Though the Healthcare.gov website is now available, several states including Maryland have chosen to operate their own tailored marketplace that meets the federal guidelines within the PPACA.

Maryland’s health insurance exchange is called the Maryland Health Connection. Insurance offered through employers are not held to the same standards as the Maryland Health Connection benefits. Among the differences, the mandate that substance abuse and mental health services must be included in health insurance plans only applies to health plans that are included in the exchange or through Medicaid, Medicare, and medical assistance.

The reductions in cost and health subsidies could prove to be especially helpful in Baltimore, where Commissioner Anthony W. Batts is in an ongoing fight to break the city’s deep-rooted relationship with heroin.

Service providers for substance abuse said it’s been a long time coming, but the city is finally moving toward more widespread, established help for drug dependence and mental health.

“There’s no question that over the history of this program there has been a need to steadily push for expanded availability and access for all kinds of people,” said Bernard J. McBride, president and CEO of the Behavioral Health System of Baltimore.

McBride agreed that a ramp-up in resources for substance abuse is long overdue, but said he was pleased to see the city and the country taking steps to rectify the situation.

“It has been an effort to continually expand people’s knowledge and acceptance of the problems that underline these issues,” he said. “With the Affordable Care Act, there also is the expectation that we will all do a better job of coordinating the various elements of health care.”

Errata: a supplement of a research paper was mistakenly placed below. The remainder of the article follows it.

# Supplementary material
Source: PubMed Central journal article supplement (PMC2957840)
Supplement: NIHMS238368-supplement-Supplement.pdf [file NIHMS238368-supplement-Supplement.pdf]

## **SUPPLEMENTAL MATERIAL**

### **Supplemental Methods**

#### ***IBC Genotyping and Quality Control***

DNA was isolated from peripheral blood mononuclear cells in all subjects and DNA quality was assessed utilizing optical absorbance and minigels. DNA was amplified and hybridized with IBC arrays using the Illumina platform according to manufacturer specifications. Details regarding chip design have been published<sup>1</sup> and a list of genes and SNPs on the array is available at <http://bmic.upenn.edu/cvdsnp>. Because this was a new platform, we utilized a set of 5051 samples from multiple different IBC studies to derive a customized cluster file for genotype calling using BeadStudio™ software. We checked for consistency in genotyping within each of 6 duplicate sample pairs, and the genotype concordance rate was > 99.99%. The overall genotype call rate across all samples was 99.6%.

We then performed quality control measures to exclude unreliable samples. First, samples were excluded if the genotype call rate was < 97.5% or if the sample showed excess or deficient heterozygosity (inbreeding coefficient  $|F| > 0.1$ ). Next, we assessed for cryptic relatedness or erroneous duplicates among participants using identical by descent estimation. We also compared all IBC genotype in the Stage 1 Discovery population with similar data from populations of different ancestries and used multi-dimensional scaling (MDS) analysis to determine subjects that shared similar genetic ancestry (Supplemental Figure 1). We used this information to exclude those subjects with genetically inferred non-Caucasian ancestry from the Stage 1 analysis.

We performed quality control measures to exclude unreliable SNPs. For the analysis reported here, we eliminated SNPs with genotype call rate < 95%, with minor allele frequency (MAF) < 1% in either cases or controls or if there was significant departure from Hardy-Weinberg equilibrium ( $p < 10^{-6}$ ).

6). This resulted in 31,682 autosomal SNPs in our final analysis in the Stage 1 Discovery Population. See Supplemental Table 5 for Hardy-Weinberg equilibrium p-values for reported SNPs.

As part of the city’s efforts to better serve residents, mental health related services and substance abuse related services have merged to create a new entity called the Baltimore Substance Abuse Systems. McBride was chosen to oversee the new organization.

Many uninsured Baltimoreans have already received grants to address their needs through the Baltimore Substance Abuse Systems, an organization that has also been essential in keeping other current programs up to par with grant money.

“It enables us to think more carefully about both an individual’s mental health and substance abuse problems. It promotes a higher level of integrated services,” said McBride. “There is recognition that the coordinating of behavioral health- which includes mental health and substance abuse treatment- is just as essential as physical health provisions.”

According to Ann Ciekot, an advocacy consultant for the Maryland Chapter of the National Council on Alcoholism and Drug Dependence, the new provisions also mean more efficient care for Baltimoreans dealing with both substance abuse and mental health issues, which can occur at the same time.

“There are certainly people who have substance abuse diagnoses with no mental health diagnoses, and vice versa. However, there is a significant overlap,” said Ciekot.

According to the Substance Abuse and Mental health Services Administration, as many as 8.9 million Americans are dealing with co-occuring disorders, or a diagnosis that includes a substance abuse issue along with a mental health problem.

Less than 8 percent are getting treatment for both issues, and according to the administration, more than half—55 percent—receive no type of treatment at all.


Alexis Taylor

AFRO Staff Writer